British Communism and the American Threat: Primary Documents

A guest post by Kent Worcester

A ‘bittersweet historical drama with two comics studies angles’ — and two complete pamphlets, cartoon-packed, of British communist party propaganda from the post-WWII years.

FIGURE ONE: Derek Kartun, This is America, 1947 — a book published by the Communist Party of Great Britain’s London publishing arm.

Communism in Britain peaked in the mid-1940s. By ‘Communism’ I mean the ‘official’ Communist Party (and its periphery) that was embedded in a wider, pro-Soviet international movement. The currently unfashionable term ‘Stalinism’ also applies in this context.

In 1943 the Communist Party of Great Britain (CPGB) reported a membership of around 60,000 – the majority of whom were working class – and in the 1945 General Election the party’s candidates tallied over 100,000 votes. Two Communists were elected to the House of Commons that year, and as Frances Beckett notes in Enemy Within: The Rise and Fall of the British Communist Party (1995), about “a dozen of the 393 Labour MPs [who were elected in 1945] were either secret CP members or close to the CP, sharing its beliefs and enjoying the company of its leaders”. Party members may have been embroiled in internal debates,[1] but on the whole the future seemed bright.

Within a few years these hopes had faded. The wartime alliance that brought together Britain, the United States, and the U.S.S.R. gave way to a Cold War that placed an ‘iron curtain’ between two contending power blocs. While anti-Communism played a bigger role in the U.S. than in Britain, the CPGB faced a far less hospitable environment in the 1950s than it had in the 1930s and 1940s.

The two Communist MPs, Willie Gallacher (West Fife) and Phil Piratin (Mile End), both lost their seats in the 1950 General Election. The party had shrunk to 35,000 members or so by 1951. The party would continue to shed members throughout the postwar era, particularly in the wake of Nikita Khrushchev’s revelations about Joseph Stalin’s grotesque abuses of power and the Soviet invasion of Hungary, both of which occurred in 1956. As the writer Brian Behan admitted in the early 1960s, “Our membership never went above thirty thousand, and this was only kept up by frantic recruiting drives in which, like the runner on the escalator, we kept running like mad just to stay in the same place”.[2]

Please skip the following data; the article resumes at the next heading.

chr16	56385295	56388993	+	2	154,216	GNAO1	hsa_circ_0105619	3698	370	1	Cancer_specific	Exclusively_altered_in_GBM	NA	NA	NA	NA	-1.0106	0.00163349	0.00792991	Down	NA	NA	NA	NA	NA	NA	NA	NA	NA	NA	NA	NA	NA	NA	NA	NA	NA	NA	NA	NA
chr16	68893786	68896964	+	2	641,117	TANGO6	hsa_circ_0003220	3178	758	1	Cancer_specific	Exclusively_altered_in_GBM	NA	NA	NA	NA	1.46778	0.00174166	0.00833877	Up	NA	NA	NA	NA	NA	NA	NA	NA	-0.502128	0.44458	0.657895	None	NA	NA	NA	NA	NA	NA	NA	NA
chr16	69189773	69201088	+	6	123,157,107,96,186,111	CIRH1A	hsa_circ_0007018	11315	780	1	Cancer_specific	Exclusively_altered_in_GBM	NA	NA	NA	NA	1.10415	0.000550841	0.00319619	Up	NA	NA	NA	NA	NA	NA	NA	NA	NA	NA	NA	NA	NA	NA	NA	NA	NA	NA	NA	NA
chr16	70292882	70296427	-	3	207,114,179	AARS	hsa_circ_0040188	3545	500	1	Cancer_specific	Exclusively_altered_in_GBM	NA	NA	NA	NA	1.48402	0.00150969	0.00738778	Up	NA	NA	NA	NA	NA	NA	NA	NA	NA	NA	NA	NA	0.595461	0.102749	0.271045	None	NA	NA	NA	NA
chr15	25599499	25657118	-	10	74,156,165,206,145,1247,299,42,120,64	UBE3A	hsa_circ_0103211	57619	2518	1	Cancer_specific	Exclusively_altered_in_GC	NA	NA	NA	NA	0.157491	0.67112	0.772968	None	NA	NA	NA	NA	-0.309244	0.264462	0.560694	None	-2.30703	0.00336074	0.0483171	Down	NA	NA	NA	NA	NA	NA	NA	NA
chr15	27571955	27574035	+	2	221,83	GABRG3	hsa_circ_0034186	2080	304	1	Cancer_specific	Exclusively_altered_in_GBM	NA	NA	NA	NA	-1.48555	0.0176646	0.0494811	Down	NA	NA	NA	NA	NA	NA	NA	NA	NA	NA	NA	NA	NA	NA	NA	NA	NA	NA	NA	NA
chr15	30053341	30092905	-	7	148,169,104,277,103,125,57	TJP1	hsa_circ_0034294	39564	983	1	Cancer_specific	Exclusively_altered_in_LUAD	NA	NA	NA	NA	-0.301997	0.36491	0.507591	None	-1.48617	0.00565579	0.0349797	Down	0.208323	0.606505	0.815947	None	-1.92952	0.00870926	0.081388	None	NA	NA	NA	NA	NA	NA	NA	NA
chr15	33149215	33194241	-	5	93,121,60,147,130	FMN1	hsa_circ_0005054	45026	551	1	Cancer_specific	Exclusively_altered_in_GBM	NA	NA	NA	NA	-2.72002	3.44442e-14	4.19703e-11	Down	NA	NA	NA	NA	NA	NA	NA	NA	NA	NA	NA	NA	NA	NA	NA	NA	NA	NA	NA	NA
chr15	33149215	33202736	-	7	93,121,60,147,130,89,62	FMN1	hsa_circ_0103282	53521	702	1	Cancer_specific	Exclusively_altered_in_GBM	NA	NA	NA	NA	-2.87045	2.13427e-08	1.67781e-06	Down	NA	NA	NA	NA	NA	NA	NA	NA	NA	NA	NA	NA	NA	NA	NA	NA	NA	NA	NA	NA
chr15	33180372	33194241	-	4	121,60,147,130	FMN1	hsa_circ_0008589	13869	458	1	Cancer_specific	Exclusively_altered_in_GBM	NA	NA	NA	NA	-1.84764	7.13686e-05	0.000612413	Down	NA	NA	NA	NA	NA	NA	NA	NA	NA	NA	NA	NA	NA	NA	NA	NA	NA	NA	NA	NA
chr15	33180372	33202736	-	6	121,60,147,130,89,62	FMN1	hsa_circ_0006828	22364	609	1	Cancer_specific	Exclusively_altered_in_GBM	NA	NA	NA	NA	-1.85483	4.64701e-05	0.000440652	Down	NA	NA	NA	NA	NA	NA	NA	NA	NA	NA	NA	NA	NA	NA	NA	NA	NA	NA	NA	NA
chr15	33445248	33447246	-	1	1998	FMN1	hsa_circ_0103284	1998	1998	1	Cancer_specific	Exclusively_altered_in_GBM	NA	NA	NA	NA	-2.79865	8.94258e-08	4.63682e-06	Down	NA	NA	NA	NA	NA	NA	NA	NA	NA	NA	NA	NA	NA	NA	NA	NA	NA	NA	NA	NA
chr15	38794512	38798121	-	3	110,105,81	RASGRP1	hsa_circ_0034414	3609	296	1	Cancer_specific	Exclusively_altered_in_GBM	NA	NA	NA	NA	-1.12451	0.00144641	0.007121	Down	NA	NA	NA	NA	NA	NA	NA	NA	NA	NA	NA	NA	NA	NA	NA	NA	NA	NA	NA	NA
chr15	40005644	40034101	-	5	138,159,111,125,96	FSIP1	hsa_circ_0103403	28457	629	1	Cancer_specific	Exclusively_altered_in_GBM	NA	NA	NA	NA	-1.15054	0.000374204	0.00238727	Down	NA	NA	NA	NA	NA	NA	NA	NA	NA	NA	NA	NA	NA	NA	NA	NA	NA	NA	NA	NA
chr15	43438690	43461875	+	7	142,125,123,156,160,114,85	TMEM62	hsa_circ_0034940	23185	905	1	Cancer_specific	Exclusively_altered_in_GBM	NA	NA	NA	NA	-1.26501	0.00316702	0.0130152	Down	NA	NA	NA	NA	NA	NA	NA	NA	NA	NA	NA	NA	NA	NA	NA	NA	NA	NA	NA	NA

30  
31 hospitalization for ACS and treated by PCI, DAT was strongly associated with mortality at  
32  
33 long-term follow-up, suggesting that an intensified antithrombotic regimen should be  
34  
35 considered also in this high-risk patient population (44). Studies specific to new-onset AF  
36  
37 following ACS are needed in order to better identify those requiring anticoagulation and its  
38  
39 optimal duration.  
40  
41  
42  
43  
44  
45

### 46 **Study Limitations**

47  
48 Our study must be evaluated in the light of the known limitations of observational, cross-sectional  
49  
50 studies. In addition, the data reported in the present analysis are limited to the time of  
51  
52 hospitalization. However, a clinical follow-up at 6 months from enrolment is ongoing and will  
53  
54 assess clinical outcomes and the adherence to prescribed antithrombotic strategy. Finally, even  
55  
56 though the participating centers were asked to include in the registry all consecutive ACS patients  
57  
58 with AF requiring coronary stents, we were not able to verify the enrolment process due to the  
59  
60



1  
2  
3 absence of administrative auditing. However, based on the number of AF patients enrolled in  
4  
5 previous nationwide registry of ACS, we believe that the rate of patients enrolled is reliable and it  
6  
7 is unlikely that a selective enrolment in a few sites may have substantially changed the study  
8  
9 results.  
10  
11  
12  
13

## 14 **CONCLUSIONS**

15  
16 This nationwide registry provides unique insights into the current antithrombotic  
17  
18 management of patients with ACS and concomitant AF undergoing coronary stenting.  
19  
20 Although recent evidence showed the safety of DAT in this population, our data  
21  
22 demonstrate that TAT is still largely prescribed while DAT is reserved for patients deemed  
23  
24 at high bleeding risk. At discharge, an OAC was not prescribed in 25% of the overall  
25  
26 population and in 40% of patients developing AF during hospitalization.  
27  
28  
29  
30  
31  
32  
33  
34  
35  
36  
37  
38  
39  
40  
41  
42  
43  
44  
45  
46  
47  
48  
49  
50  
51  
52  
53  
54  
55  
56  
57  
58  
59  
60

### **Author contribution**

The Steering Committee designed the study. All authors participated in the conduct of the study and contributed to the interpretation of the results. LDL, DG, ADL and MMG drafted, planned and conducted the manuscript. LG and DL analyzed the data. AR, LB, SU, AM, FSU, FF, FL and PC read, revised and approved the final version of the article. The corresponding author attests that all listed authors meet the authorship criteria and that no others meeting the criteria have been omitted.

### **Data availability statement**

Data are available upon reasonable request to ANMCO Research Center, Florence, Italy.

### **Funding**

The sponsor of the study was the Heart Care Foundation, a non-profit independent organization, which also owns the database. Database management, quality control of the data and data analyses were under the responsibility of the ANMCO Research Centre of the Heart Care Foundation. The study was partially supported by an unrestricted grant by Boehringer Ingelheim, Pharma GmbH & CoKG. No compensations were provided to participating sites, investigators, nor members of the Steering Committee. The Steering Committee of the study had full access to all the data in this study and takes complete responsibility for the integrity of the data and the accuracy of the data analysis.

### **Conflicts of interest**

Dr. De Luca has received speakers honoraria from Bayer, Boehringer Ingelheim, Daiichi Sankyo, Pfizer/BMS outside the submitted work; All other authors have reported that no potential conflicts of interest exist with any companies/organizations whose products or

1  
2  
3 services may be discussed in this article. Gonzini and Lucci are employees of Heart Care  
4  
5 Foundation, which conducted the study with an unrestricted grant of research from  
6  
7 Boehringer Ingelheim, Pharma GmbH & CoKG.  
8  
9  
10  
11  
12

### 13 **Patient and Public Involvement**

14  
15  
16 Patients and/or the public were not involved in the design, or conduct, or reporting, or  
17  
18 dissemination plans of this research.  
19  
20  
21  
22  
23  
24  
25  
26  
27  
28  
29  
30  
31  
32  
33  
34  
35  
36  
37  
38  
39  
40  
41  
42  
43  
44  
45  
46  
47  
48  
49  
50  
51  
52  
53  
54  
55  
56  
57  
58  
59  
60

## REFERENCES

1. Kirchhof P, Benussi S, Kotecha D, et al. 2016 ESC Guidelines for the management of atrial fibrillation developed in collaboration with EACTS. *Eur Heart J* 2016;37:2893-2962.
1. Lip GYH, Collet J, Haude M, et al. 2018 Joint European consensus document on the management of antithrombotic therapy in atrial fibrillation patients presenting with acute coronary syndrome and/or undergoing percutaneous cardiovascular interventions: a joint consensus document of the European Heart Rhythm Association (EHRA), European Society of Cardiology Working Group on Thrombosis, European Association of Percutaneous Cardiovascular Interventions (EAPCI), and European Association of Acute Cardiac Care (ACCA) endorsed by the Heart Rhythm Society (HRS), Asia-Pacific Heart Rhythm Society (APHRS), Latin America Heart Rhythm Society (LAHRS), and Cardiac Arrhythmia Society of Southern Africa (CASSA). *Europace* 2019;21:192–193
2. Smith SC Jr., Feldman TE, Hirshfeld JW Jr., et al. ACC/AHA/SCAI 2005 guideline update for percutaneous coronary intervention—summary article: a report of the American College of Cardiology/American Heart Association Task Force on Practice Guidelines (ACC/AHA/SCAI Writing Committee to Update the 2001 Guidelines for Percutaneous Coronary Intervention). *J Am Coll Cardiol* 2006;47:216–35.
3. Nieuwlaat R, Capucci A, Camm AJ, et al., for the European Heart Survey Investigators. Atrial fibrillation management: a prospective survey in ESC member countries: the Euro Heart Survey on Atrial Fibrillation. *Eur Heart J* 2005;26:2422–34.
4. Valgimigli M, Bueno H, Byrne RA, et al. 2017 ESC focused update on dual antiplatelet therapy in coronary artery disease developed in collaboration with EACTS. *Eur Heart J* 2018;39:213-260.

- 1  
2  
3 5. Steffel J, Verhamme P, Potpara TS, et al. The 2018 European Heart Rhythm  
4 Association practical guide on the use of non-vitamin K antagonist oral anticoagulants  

Despite these setbacks, the CPGB retained a base in certain industries and communities through the 1960s and 1970s. “If its Marxism was doctrinaire and Russified”, David Widgery wrote, “the party still provided a working-class political education and an industrial organisation for many thousands of workers”.[3] However, the Communists were outmaneuvered by its rivals on the postwar left and by the 1980s the party was riven by in-fighting. As the historian Raphael Samuel wryly noted in 1985, the “Communist Party is becoming as faction-ridden as the Liberals, as Byzantine in intrigue as the Tories, and as Aesopian in its in-fighting terminologies”.[4] Outside observers often characterized the party’s internal divisions in terms of a two-way battle between ‘Euros’ and ‘Tankies’, but as Lawrence Parker rightly points out, this was “a common misreading of the struggle inside the CPGB”.[5] The Communist Party of Great Britain was finally disbanded in 1991, which was the same year that the USSR itself fragmented into several geopolitical pieces.

There are two comics studies angles to this bittersweet historical drama.

First, the Communist movement attracted an impressive number of cartoonists and graphic designers. From its founding in 1920 onwards, the party issued a steady stream of printed materials, from leaflets, posters, and newspapers, to pamphlets, magazines, and books. During its lifetime the CPGB generated a greater volume of political material than the much larger Labour Party.[6] Drawings, cartoons, and good design enlivened Communist publications and made it easier for comrades to build an audience for the party and its program via bookshops, public meetings, street sales, and rummage sales.[7] Communist parties across the globe built on the ‘Wobbly’ tradition of using ‘silent agitators’ to convey its message to a wider audience.[8]

The aesthetic quality of British Communist literature varied widely, of course. The menacing cover to Arthur Clegg’s American Spider, a 1947 pamphlet that bitterly denounces U.S. economic imperialism, is far more representative of the party’s midcentury graphics than the handsome pamphlets that are featured below.[9]

FIGURE TWO: Arthur Clegg, American Spider — CPGB, 1947